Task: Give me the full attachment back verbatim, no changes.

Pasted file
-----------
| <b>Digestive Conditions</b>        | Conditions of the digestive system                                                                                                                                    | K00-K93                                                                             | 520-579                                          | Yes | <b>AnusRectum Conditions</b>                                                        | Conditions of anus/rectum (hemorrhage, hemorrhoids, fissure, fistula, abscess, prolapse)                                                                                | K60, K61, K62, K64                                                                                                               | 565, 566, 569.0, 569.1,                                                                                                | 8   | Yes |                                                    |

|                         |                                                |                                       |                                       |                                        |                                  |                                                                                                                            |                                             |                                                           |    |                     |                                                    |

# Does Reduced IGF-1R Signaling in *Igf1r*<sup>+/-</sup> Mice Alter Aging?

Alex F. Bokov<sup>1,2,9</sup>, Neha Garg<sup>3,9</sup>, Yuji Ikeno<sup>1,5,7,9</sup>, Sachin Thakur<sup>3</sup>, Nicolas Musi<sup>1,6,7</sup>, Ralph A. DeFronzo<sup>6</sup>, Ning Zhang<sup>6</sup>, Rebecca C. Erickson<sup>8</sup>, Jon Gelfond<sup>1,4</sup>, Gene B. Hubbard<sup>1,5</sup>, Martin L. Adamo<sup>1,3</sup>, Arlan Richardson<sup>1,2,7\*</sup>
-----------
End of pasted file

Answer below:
| <b>Digestive Conditions</b>        | Conditions of the digestive system                                                                                                                                    | K00-K93                                                                             | 520-579                                          | Yes | <b>AnusRectum Conditions</b>                                                        | Conditions of anus/rectum (hemorrhage, hemorrhoids, fissure, fistula, abscess, prolapse)                                                                                | K60, K61, K62, K64                                                                                                               | 565, 566, 569.0, 569.1,                                                                                                | 8   | Yes |                                                    |

|                         |                                                |                                       |                                       |                                        |                                  |                                                                                                                            |                                             |                                                           |    |                     |                                                    |

# Does Reduced IGF-1R Signaling in *Igf1r*<sup>+/-</sup> Mice Alter Aging?

Alex F. Bokov<sup>1,2,9</sup>, Neha Garg<sup>3,9</sup>, Yuji Ikeno<sup>1,5,7,9</sup>, Sachin Thakur<sup>3</sup>, Nicolas Musi<sup>1,6,7</sup>, Ralph A. DeFronzo<sup>6</sup>, Ning Zhang<sup>6</sup>, Rebecca C. Erickson<sup>8</sup>, Jon Gelfond<sup>1,4</sup>, Gene B. Hubbard<sup>1,5</sup>, Martin L. Adamo<sup>1,3</sup>, Arlan Richardson<sup>1,2,7\*</sup>